This Week in the Mercury


Thursday, July 11, 2013

Emma Straub on Miscarriages and Chocolates for Breakfast

Posted by Alison Hallett on Thu, Jul 11, 2013 at 10:31 AM

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Writer Emma Straub has a beautiful piece about her miscarriage up on the The Millions today—about how when she found out she was pregnant in the same week she sold her novel, she took it as a sign from the universe, that some "sentimental sentient being knew how long it had taken for me to sell a novel (almost 10 years) and was making up for it by giving me a baby in a flash." And then she had a painful miscarriage, and spent the next two years trying to get pregnant again, and now that she's pregnant enough to feel comfortable talking about it, she's written a really fantastic essay.

Straub, author of Laura Lamont's Life in Pictures, also wrote the forward to a recent rerelease of Pamela Moore's 1956 novel Chocolates for Breakfast, a controversial-for-its-time coming-of-age novel about a young woman experimenting with sex and booze in Manhattan and LA. It's a fast, enjoyable read, full of parties and martinis and cab rides through New York with boys from Yale, though the expectations set up by the forward and the blurbs on the back are a bit too high. The dialogue can be quite clunky, and it suffers from Straub's comparison, in the forward, to Elaine Dundy's far superior novel The Dud Avocado, another semi-recent rerelease of a 1950s novel about a headstrong young American woman, though Dundy's book is set in Paris. (Seriously, if you haven't read it, do yourself a favor—it's impossible not to enjoy. My copy long ago drifted away because my friends wouldn't stop borrowing it and loaning it to other people.)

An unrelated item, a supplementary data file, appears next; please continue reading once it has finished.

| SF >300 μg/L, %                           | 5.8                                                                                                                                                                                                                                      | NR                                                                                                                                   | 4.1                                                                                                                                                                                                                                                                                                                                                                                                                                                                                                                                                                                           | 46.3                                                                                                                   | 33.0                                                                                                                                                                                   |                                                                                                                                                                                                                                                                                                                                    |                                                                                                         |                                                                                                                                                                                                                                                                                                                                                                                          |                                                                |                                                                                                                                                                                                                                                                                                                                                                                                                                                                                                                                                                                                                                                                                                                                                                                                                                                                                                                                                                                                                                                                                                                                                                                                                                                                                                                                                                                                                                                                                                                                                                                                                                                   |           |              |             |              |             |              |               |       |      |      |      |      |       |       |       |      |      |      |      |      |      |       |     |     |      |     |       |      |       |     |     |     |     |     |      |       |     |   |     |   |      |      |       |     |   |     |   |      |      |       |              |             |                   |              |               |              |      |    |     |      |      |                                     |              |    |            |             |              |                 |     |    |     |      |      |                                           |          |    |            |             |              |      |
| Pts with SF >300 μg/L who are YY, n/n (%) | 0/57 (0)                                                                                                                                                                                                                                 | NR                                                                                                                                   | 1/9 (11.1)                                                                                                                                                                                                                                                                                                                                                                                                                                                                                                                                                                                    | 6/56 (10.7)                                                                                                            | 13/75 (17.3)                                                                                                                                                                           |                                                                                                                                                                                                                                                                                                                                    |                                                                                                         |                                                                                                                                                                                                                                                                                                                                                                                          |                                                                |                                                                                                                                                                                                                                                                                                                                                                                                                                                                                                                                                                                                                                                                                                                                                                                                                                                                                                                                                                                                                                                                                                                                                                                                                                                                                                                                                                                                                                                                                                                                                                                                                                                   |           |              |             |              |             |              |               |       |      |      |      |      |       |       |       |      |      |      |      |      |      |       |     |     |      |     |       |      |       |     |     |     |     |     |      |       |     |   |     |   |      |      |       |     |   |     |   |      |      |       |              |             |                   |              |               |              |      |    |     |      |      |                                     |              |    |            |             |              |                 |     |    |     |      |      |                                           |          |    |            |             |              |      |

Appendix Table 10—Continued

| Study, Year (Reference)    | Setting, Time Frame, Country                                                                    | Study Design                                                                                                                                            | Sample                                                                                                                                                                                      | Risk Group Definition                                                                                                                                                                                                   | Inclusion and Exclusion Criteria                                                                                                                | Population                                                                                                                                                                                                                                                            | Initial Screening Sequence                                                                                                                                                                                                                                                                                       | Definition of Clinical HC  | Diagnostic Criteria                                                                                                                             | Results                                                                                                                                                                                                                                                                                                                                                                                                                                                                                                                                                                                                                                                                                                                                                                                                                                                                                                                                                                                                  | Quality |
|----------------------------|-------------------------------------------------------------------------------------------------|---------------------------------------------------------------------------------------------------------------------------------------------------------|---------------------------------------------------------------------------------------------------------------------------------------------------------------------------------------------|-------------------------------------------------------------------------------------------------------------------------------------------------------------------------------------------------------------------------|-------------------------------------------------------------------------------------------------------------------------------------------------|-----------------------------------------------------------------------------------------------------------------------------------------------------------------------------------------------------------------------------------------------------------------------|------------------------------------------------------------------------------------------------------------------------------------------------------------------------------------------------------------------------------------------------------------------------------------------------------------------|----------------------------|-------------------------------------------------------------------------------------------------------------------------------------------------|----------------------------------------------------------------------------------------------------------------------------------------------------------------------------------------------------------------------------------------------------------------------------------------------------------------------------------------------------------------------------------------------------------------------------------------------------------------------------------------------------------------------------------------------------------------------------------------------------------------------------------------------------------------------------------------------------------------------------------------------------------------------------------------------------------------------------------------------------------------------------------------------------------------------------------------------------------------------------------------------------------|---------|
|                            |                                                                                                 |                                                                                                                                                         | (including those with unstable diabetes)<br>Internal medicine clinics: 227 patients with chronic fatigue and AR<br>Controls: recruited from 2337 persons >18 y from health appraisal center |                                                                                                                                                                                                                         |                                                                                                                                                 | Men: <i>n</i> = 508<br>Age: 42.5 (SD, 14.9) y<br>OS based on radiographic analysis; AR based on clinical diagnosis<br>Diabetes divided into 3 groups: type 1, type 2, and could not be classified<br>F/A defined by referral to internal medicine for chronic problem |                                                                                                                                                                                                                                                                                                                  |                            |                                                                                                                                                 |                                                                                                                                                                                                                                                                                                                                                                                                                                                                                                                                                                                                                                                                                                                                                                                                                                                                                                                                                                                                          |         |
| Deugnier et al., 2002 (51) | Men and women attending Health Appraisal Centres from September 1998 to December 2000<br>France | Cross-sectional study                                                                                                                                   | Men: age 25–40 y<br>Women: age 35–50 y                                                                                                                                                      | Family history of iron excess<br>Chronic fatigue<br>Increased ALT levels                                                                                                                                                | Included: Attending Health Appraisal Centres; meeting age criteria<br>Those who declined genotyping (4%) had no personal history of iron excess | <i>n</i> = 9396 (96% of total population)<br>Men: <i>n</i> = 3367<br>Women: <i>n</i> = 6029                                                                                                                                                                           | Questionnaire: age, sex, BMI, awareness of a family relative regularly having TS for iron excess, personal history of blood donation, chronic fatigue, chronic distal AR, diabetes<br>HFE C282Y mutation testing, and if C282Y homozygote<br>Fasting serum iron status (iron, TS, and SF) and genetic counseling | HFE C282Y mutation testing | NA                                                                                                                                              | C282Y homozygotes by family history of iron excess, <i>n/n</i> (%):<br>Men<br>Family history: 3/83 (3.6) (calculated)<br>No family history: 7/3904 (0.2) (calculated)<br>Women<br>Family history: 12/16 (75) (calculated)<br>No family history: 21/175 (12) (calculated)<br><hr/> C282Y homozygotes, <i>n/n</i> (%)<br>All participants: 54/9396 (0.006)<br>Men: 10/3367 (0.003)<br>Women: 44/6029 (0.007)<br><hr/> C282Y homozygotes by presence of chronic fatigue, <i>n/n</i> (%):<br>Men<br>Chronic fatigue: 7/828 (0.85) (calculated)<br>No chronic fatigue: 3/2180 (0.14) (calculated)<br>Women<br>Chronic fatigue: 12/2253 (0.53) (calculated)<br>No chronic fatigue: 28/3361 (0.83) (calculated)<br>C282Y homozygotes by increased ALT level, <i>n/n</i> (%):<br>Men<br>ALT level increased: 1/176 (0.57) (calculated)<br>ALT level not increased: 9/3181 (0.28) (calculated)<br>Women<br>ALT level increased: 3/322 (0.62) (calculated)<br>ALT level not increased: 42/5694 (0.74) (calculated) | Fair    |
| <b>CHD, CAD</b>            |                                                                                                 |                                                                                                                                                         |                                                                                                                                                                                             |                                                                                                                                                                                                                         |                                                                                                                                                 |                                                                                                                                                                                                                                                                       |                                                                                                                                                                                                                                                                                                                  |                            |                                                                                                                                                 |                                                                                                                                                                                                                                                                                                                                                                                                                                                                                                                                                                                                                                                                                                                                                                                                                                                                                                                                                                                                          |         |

Moore killed herself in 1963, and Chocolates for Breakfast was rereleased thanks to the efforts of Moore's son, Kevin Kanarek, with the help of Straub herself. The Rumpus has a good interview with Kanarek about his mother's suicide, getting the book published, and how, when he saw that recent godawful Vice magazine photo spread about dead women writers, he was "relieved that Pamela wasn’t famous enough to be included."

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